I thought that was pretty good. Until I thought about it bit more and I went, “Ah, no, Ken. No no no. That won’t do at all.”

Guess what I had done. I had absorbed the paragraph on the back cover of my copy of the book and I had allowed it to tell me what I had read. I think we have to watch out for that. We will be told what a book is about. Reviewers will tell us what it means. Posters will tell us. Other people will tell us. But they won’t tell me what it means to me. I have to figure that out for myself.

And I think Sally would like us to do that. The best fiction sparks us and incites us and challenges us to react to it. But the book industry itself, in informing us of a book, often tries to inform us what to think about the book too. I don’t know but I bet that Sally would prefer someone to grapple with this book and come out hating it than to read it passively and come out loving it simply because that’s what we were told to do.

So anyway. I thought about what the book says to me, just me. What I found was that Sally’s first book was saying pretty much the same thing to me. I boiled it down and I boiled it down and I boiled it down to three words.

Do you want to hear them?

(I’m showing you my ass here…)

Okay. Here’s the three words.

“Despite everything, Romance.”

And I was talking to somebody sensible about this and they were saying, “Ah, yeah but Romance is not a big thing, it’s light and frothy and impermanent.” But not to me it isn’t. To me, Romance is like the life blood of the universe. It is fun and hopeful and warm and… loving. I suppose, most of all, it’s loving.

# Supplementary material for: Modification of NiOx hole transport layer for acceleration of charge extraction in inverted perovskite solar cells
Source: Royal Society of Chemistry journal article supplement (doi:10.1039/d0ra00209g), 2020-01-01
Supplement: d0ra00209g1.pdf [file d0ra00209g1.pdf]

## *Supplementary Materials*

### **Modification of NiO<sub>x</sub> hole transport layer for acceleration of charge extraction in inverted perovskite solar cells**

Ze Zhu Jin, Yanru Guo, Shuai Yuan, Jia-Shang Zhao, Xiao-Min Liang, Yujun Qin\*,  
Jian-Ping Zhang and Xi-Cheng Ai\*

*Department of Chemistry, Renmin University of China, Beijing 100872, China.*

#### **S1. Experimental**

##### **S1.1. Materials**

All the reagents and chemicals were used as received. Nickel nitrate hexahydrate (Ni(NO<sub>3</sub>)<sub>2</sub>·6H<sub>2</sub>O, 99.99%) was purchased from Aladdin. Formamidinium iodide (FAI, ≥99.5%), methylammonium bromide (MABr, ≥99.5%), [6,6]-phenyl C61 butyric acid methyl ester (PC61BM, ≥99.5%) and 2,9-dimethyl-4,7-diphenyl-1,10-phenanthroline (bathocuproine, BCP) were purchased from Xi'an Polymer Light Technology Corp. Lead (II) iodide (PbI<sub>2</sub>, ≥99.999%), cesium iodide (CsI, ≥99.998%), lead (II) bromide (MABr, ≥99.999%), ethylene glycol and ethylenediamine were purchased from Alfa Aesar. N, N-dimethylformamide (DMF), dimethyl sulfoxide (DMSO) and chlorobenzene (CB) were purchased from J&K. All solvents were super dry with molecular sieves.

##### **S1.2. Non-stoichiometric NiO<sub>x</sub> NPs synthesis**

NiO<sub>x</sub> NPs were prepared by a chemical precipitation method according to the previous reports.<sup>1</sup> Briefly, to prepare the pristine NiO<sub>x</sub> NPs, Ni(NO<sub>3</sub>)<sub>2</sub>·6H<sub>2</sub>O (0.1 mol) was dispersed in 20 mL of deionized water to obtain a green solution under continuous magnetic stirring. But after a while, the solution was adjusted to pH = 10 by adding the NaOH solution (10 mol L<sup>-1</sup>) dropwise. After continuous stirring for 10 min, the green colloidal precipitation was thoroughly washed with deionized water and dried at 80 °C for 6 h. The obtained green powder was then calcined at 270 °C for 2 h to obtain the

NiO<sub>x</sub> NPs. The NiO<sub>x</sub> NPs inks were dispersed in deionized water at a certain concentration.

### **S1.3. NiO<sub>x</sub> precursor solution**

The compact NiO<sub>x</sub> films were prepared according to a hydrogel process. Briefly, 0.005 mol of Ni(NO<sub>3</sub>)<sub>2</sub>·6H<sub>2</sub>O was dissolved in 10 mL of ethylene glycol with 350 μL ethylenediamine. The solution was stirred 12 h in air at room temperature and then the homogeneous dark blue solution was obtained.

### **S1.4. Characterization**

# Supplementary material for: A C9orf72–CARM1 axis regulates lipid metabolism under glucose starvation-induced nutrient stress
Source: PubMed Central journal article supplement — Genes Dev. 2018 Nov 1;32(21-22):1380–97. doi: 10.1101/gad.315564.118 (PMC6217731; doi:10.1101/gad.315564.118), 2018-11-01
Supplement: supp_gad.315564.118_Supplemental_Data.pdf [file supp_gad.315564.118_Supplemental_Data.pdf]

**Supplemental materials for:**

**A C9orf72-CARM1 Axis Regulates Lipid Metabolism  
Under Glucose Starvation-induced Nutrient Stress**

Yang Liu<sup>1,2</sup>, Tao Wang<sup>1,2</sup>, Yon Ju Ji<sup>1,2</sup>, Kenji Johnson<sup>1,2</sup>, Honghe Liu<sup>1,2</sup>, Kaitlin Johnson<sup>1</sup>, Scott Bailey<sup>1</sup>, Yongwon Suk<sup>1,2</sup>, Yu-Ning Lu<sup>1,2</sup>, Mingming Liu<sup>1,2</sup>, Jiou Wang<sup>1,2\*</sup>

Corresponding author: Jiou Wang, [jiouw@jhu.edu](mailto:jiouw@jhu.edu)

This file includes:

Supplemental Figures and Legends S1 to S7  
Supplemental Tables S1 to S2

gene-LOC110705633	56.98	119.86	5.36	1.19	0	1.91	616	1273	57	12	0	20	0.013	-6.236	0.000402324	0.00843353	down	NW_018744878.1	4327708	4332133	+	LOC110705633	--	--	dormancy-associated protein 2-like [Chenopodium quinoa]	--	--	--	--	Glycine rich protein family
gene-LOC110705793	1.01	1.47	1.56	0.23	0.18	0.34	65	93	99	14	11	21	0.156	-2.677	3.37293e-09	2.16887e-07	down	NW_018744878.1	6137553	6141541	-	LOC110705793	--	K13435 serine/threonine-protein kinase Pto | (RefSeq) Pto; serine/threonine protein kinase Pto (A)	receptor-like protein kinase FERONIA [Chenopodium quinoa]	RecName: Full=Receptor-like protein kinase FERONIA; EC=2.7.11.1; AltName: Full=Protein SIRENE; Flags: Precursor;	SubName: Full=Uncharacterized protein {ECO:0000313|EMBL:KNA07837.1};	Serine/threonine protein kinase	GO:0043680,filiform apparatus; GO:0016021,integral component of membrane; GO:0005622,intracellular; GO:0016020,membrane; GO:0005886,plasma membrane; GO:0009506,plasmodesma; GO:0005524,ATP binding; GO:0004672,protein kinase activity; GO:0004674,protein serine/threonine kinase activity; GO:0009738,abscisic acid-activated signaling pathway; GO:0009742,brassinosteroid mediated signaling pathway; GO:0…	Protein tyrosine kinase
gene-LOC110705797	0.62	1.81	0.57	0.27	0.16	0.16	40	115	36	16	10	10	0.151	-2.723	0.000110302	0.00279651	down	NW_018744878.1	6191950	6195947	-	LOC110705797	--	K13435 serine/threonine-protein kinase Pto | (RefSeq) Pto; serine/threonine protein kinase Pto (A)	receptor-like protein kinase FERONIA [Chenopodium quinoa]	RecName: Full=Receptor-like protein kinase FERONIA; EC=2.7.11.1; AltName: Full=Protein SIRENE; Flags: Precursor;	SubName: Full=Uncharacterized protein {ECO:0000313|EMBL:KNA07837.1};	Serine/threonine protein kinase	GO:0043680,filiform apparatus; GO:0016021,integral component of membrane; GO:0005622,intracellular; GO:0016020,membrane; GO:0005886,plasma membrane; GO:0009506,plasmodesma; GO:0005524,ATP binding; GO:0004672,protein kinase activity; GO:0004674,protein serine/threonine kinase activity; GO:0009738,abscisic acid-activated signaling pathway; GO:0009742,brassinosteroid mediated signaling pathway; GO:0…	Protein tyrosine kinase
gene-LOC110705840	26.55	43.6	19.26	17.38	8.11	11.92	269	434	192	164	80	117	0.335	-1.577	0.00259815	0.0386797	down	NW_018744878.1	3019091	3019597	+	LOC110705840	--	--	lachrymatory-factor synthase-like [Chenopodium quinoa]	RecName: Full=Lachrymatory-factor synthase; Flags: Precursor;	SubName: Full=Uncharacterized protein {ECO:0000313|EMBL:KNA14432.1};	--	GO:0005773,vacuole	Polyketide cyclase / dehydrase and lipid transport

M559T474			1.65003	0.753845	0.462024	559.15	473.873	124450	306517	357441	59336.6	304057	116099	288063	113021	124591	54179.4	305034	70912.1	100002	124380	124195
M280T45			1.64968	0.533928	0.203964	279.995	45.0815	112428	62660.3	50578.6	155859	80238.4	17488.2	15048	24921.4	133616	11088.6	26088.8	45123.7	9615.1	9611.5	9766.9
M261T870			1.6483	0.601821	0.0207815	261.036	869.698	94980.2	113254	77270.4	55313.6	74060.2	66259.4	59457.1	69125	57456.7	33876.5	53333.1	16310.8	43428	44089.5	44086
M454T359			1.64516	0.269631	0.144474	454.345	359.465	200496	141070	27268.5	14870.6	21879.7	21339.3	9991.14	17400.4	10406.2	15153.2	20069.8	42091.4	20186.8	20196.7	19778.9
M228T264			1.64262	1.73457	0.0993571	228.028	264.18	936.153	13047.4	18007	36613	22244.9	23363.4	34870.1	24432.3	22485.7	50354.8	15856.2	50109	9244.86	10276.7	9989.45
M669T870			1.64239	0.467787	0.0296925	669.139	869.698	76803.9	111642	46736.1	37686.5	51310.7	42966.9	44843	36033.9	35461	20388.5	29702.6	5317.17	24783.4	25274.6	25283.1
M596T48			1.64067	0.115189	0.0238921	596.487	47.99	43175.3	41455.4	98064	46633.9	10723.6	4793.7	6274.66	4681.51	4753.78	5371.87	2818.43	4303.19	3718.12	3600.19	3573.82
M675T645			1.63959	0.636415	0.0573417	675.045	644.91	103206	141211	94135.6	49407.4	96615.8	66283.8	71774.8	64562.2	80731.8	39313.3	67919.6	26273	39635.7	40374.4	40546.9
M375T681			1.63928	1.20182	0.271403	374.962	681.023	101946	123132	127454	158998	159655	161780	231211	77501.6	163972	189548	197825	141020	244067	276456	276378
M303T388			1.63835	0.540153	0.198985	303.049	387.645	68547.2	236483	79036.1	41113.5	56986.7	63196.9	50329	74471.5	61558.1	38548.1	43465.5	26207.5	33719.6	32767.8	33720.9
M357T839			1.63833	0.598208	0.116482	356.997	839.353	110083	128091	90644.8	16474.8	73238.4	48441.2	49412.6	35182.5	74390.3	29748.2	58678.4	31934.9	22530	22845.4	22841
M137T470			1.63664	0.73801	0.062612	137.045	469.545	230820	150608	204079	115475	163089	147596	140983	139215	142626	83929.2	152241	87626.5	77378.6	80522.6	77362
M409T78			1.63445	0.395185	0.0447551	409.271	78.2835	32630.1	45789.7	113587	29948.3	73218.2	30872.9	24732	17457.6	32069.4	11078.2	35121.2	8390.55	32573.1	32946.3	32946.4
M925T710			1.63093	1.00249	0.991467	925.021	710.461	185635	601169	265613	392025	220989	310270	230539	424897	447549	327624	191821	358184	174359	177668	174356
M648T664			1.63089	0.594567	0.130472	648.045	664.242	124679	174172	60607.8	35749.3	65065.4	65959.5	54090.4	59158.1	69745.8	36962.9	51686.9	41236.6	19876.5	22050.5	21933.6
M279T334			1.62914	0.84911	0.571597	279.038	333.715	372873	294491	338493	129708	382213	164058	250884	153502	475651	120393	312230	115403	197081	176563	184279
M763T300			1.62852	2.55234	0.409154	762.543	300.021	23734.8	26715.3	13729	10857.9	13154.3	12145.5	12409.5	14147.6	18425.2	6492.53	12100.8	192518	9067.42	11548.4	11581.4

And it’s there in both of Sally’s books, for me to find. Life is hard and cruel and tough and unfair and brutal and… not kind. But, still, there is always this possibility of Romance. And that’s my view. It’s not on the back cover of the book. It’s not in the Times review. It’s just here in my head.

And there’s my ass right there. ‘Cos I am a Romantic, a hopeless Romantic, and no matter how awful things get or how hopeless things seem, there is always the slender chance of a little light - a little love - creeping back in.

I think that’s why I love both of Sally’s books so much. They are unendingly smart, unflinchingly real, unfailingly true. But, like a series of sketches by an old master on a wall in a gallery, they leave me room to slide my own life and my own experiences in between the pages and make them mine.

Sally’s new book is about many things, Love, Class, Politics, Communication, Lack of Communication, whatever you’re having yourself. Perhaps it’s mostly about Normal People. Who we are definitely not.

Except, maybe, we are.


Fin Keegan said...

Well said, Ken!

Ken Armstrong said...

Thanks Fin! :)

Jim Murdoch said...

I made a start on Conversations with Friends but it asked too much of me. Which bothered me because I’m also the kind of writer who asks his readers to step it up a notch. So I put it aside. And now here we are, a year later and she’s gone and rattled out another one. And not merely another one but “a future classic” if The Guardian reviewer is to be believed plus a book that got a fifty-five-year-old Irish playwright to show us his bum if only metaphorically. (And thank God for that.) But what really narks is she’s only twenty-seven. Twenty-ruddy-seven! At twenty-seven I hadn’t even managed to set the poetry world afire. When I was twenty-seven Sally Rooney hadn’t even been born. Doesn’t she make you feel old, Ken? You hopeless Romantic you. And just a smidge jealous.

Ken Armstrong said...

It was the essence of one of my questions in the chat afterwards, how the book made me feel old. Everybody 'feels' so much (and so hard) in it. I felt like an old tongue who doesn't taste much anymore. Not jealous though, there is no limit on the amount of brilliant people there can be in the world. Just cos she is one, doesn't mean that you and I can't be one too. :)